Sep-09-13  jerseybob: It's a great change of pace opening for sure. One of my favorite games is Tarrasch-Alekhine 1922. Ole Siegy never knew what hit him.
Sep-09-13  Shams: One can argue move orders and transpositions, but if you want to actually study the position after <4...Bb7>, I know you can find it in the literature on the Benko Gambit.

It may also be found in Blumenfeld Gambit books; that I do not know.

Sep-09-13  jerseybob: If the Benko literature talks about the Blumenfeld, yes. But 4..Bb7 is not a Benko move.
Sep-09-13  Shams: <jerseybob> It's not in the Benko Accepted, true; but after White has declined the Benko Gambit with <1.d4 Nf6 2.c4 c5 3.d5 b5 4.Nf3>, many authorities give <4...Bb7> as Black's strongest move. Personally I don't play anything else.
Sep-09-13  jerseybob: To me, Benko means Benko Accepted. If it transposes into something else, the game should be named by that "something else" and then(by transp.) written in parentheses. The people who attach so many incorrect names to this database don't get that.
Sep-09-13  Shams: <jerseybob> <If it transposes into something else, the game should be named by that "something else" and then(by transp.) written in parentheses.>

I'm fine with that, if it transposes into another well-known system. But White has a great many 4th-move alternatives to the Benko Accepted, most of which (to my limited knowledge) lead to positions unique to the Benko move order.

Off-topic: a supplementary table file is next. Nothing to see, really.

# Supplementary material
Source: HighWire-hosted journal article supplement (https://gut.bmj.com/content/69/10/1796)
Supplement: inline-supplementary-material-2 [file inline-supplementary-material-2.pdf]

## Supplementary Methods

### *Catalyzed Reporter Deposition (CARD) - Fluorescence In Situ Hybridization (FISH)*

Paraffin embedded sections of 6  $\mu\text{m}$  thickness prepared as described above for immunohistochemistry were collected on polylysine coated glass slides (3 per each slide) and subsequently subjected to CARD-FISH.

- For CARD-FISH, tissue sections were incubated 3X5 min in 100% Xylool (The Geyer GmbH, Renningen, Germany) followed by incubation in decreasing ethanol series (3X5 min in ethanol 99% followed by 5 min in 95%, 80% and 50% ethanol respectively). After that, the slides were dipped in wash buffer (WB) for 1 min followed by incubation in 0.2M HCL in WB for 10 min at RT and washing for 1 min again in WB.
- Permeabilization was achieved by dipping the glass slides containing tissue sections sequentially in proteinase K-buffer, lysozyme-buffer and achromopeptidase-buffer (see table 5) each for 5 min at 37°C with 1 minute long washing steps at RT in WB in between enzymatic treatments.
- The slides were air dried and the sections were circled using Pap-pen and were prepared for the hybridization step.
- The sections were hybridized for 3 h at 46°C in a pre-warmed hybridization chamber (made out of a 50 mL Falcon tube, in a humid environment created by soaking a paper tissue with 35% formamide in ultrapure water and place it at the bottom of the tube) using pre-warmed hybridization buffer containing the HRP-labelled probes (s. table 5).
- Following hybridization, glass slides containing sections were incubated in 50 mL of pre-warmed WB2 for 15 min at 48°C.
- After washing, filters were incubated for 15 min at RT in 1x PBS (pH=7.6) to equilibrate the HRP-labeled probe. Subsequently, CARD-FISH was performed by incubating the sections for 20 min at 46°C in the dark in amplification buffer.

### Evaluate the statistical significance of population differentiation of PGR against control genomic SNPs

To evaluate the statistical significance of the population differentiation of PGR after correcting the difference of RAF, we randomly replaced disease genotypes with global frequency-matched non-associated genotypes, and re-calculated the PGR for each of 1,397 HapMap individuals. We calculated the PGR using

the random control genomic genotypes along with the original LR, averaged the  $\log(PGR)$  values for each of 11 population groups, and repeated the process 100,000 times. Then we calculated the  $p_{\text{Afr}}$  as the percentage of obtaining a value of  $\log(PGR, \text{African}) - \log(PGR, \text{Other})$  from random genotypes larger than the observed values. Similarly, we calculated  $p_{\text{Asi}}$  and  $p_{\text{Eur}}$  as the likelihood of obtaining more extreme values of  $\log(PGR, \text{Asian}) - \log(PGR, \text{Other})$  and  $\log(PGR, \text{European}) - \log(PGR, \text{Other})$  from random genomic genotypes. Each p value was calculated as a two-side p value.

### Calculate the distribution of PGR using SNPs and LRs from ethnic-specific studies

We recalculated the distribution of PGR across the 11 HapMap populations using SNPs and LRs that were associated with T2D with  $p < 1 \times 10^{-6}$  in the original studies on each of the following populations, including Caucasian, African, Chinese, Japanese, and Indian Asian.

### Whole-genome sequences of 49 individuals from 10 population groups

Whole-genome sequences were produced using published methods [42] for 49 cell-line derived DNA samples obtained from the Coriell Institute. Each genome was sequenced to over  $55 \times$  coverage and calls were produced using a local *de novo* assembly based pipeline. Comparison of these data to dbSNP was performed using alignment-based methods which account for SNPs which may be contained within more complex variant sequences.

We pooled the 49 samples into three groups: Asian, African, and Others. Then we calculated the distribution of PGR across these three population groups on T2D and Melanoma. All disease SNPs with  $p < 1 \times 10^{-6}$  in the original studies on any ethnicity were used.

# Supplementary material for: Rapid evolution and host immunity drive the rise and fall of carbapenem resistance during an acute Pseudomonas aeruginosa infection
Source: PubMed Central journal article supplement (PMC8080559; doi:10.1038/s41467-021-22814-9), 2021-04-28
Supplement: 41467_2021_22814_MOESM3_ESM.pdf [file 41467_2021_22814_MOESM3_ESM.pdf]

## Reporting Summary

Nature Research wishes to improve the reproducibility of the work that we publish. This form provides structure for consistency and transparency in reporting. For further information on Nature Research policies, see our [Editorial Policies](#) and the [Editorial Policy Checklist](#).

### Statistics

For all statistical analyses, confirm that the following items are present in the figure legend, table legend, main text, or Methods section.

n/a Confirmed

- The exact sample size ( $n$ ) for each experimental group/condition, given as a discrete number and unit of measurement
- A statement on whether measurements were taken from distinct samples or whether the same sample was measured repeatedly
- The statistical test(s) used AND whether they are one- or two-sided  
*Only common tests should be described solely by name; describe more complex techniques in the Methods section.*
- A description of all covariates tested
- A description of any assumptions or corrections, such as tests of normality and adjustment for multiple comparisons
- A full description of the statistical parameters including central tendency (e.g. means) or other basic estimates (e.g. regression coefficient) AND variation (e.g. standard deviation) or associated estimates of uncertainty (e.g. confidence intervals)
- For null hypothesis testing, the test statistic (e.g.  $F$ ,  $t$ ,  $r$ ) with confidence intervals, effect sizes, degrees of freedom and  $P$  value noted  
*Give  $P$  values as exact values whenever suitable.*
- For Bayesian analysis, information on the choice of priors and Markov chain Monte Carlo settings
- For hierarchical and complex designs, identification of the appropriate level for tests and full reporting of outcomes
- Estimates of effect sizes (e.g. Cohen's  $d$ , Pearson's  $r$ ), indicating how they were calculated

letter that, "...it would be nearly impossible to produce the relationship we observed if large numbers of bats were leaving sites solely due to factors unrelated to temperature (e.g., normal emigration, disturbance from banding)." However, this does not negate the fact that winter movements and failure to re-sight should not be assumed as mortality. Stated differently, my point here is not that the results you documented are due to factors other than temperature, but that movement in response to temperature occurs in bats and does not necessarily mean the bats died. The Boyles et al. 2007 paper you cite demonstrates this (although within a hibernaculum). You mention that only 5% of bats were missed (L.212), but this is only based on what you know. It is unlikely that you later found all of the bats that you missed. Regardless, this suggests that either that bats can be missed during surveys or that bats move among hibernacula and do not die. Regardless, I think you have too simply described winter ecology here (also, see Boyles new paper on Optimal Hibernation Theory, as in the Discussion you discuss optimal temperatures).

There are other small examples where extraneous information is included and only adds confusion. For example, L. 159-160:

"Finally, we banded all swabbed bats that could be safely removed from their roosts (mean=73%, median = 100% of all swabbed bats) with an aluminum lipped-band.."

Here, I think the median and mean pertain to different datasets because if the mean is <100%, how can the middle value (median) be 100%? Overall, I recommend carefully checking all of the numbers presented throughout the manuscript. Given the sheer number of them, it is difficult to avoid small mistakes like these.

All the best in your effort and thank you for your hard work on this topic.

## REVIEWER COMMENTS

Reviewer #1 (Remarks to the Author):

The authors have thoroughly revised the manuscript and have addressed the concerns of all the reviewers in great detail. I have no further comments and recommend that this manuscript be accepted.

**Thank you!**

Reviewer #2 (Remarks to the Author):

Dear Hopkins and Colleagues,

Opening Explorer

To me, it only makes sense to call this whole family of variations "Benko declined". (And this isn't even to mention the half-accepted lines.) It also seems a bit strange to call this particular game a Blumenfeld when Black has does not play ...e7-e6. Is that not a signature Blumenfeld move?

Regardless, I don't care about consistency in taxonomy per se, as much as I care about making opening study easier. If this position may be found in a book on the Fred Flintstone opening, call it the Flintstone for all I care. Pebbles and Bam-Bam variation.

Jan-12-14  GREYSTRIPE: Bobby Fisher resulted in this chess-game a coruscating craftsmanship of Benko Gambit. A gambit, well-played, is risk-averse and is sure of gains. To be a successful gambiter, a chess-player is wise to emulate Bobby Fisher's Rook and Bishop. The Bishop-Advance is true in Benko, and with Bobby Fisher holding back the Queen for Knights-Holds, there is Center. Time is of the essence-play, and the endurance of his opponent faultered due to the unrelenting nature of Bobby Fisher's play. It is of particular interest to a wise player-of-chess that the opponent had no square position during the game, but that the bishops on both sides were Gauss Integral on Factors of E. What this means is that neither player could have lost a rook and won.
Aug-13-19  gambitfan: 1) -4.91 (22 ply) 27.♗xc6 ♗d4+ 28.♔h2 ♖f2+ 29.♔g1 ♖xb2+ 30.♕xd4+ cxd4 31.♗xb7 ♖xb7 32.♖e1 ♔g8 33.♔g2 ♖c8 34.♖e2 ♔f7 35.h4 ♖c3 36.♔f2 ♖a3 37.♔g2 d3 38.♖d2 e5 39.♔f3 ♔e6 40.♔e4 ♖d7 41.♔e3 h5
Premium Chessgames Member
  PawnSac: < seeminor: 18.Kh8!! is a great move, getting his king out of the way before starting a superb tactical display >

yes it makes sure exf7 is not a check

Premium Chessgames Member
  PawnSac: < Wyatt Gwyon: I wonder why Fischer didn't play this opening more. It seems like it would have suited him well. ...Really wonder know what Fischer could have done with it. >

I would love to have seen him use it in the 92 match with Spassky. Instead he played very slow delayed a6 b5 and it gave Boris too much time to prepare his kingside pressure.

Apr-06-22  Joshka: Would 20.Bf6 been better for white?